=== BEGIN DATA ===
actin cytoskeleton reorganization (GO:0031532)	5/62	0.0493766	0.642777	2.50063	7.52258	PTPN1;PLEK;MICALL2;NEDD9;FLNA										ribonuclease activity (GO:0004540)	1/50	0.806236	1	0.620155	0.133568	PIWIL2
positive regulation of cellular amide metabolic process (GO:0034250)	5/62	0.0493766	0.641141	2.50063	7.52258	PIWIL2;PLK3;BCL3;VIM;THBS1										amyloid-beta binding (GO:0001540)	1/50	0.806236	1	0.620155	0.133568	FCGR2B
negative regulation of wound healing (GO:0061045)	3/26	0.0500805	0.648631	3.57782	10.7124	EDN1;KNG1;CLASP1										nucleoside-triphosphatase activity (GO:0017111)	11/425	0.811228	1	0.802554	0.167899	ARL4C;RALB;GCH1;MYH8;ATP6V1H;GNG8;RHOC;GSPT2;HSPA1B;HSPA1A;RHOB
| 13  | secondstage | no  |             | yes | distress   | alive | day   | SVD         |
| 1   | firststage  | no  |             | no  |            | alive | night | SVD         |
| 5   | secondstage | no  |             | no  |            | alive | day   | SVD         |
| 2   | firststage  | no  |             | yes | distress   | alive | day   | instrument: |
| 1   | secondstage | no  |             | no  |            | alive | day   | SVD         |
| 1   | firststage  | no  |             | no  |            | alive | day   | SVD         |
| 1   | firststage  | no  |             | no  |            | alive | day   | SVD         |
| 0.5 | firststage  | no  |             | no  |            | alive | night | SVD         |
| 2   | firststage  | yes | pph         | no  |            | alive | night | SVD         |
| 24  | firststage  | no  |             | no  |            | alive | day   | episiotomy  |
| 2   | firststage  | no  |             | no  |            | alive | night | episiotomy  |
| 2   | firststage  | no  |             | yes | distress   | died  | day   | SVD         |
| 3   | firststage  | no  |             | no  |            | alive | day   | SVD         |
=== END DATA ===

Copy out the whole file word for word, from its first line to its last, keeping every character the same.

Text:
actin cytoskeleton reorganization (GO:0031532)	5/62	0.0493766	0.642777	2.50063	7.52258	PTPN1;PLEK;MICALL2;NEDD9;FLNA										ribonuclease activity (GO:0004540)	1/50	0.806236	1	0.620155	0.133568	PIWIL2
positive regulation of cellular amide metabolic process (GO:0034250)	5/62	0.0493766	0.641141	2.50063	7.52258	PIWIL2;PLK3;BCL3;VIM;THBS1										amyloid-beta binding (GO:0001540)	1/50	0.806236	1	0.620155	0.133568	FCGR2B
negative regulation of wound healing (GO:0061045)	3/26	0.0500805	0.648631	3.57782	10.7124	EDN1;KNG1;CLASP1										nucleoside-triphosphatase activity (GO:0017111)	11/425	0.811228	1	0.802554	0.167899	ARL4C;RALB;GCH1;MYH8;ATP6V1H;GNG8;RHOC;GSPT2;HSPA1B;HSPA1A;RHOB
| 13  | secondstage | no  |             | yes | distress   | alive | day   | SVD         |
| 1   | firststage  | no  |             | no  |            | alive | night | SVD         |
| 5   | secondstage | no  |             | no  |            | alive | day   | SVD         |
| 2   | firststage  | no  |             | yes | distress   | alive | day   | instrument: |
| 1   | secondstage | no  |             | no  |            | alive | day   | SVD         |
| 1   | firststage  | no  |             | no  |            | alive | day   | SVD         |
| 1   | firststage  | no  |             | no  |            | alive | day   | SVD         |
| 0.5 | firststage  | no  |             | no  |            | alive | night | SVD         |
| 2   | firststage  | yes | pph         | no  |            | alive | night | SVD         |
| 24  | firststage  | no  |             | no  |            | alive | day   | episiotomy  |
| 2   | firststage  | no  |             | no  |            | alive | night | episiotomy  |
| 2   | firststage  | no  |             | yes | distress   | died  | day   | SVD         |
| 3   | firststage  | no  |             | no  |            | alive | day   | SVD         |